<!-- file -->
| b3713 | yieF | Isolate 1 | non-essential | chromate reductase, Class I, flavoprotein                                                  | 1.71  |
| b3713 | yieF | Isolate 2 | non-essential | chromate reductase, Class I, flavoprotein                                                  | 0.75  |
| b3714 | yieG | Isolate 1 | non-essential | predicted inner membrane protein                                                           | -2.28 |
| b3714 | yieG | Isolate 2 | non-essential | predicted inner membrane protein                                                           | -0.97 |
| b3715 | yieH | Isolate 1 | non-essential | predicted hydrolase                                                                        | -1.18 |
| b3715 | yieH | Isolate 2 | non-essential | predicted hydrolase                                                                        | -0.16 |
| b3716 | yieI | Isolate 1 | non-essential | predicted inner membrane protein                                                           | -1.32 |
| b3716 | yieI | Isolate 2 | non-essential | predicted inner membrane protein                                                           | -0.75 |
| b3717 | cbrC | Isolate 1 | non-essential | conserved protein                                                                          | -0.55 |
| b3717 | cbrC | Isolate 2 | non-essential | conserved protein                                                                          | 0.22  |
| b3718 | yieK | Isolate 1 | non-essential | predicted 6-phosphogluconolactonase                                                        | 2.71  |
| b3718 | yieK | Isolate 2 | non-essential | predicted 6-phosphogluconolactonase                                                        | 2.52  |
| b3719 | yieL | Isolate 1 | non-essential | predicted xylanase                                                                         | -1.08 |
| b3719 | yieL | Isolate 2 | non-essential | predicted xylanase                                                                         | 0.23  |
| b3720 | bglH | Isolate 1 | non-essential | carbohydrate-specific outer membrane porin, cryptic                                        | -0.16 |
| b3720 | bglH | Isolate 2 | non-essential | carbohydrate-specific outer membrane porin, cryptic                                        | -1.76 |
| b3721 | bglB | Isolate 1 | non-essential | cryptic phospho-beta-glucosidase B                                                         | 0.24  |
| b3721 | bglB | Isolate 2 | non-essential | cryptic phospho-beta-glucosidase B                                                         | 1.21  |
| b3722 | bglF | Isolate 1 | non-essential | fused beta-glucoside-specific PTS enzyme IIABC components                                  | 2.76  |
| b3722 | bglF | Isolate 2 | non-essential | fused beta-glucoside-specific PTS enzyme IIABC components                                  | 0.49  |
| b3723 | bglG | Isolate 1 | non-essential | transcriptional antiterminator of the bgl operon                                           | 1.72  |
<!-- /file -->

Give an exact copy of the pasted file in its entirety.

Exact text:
| b3713 | yieF | Isolate 1 | non-essential | chromate reductase, Class I, flavoprotein                                                  | 1.71  |
| b3713 | yieF | Isolate 2 | non-essential | chromate reductase, Class I, flavoprotein                                                  | 0.75  |
| b3714 | yieG | Isolate 1 | non-essential | predicted inner membrane protein                                                           | -2.28 |
| b3714 | yieG | Isolate 2 | non-essential | predicted inner membrane protein                                                           | -0.97 |
| b3715 | yieH | Isolate 1 | non-essential | predicted hydrolase                                                                        | -1.18 |
| b3715 | yieH | Isolate 2 | non-essential | predicted hydrolase                                                                        | -0.16 |
| b3716 | yieI | Isolate 1 | non-essential | predicted inner membrane protein                                                           | -1.32 |
| b3716 | yieI | Isolate 2 | non-essential | predicted inner membrane protein                                                           | -0.75 |
| b3717 | cbrC | Isolate 1 | non-essential | conserved protein                                                                          | -0.55 |
| b3717 | cbrC | Isolate 2 | non-essential | conserved protein                                                                          | 0.22  |
| b3718 | yieK | Isolate 1 | non-essential | predicted 6-phosphogluconolactonase                                                        | 2.71  |
| b3718 | yieK | Isolate 2 | non-essential | predicted 6-phosphogluconolactonase                                                        | 2.52  |
| b3719 | yieL | Isolate 1 | non-essential | predicted xylanase                                                                         | -1.08 |
| b3719 | yieL | Isolate 2 | non-essential | predicted xylanase                                                                         | 0.23  |
| b3720 | bglH | Isolate 1 | non-essential | carbohydrate-specific outer membrane porin, cryptic                                        | -0.16 |
| b3720 | bglH | Isolate 2 | non-essential | carbohydrate-specific outer membrane porin, cryptic                                        | -1.76 |
| b3721 | bglB | Isolate 1 | non-essential | cryptic phospho-beta-glucosidase B                                                         | 0.24  |
| b3721 | bglB | Isolate 2 | non-essential | cryptic phospho-beta-glucosidase B                                                         | 1.21  |
| b3722 | bglF | Isolate 1 | non-essential | fused beta-glucoside-specific PTS enzyme IIABC components                                  | 2.76  |
| b3722 | bglF | Isolate 2 | non-essential | fused beta-glucoside-specific PTS enzyme IIABC components                                  | 0.49  |
| b3723 | bglG | Isolate 1 | non-essential | transcriptional antiterminator of the bgl operon                                           | 1.72  |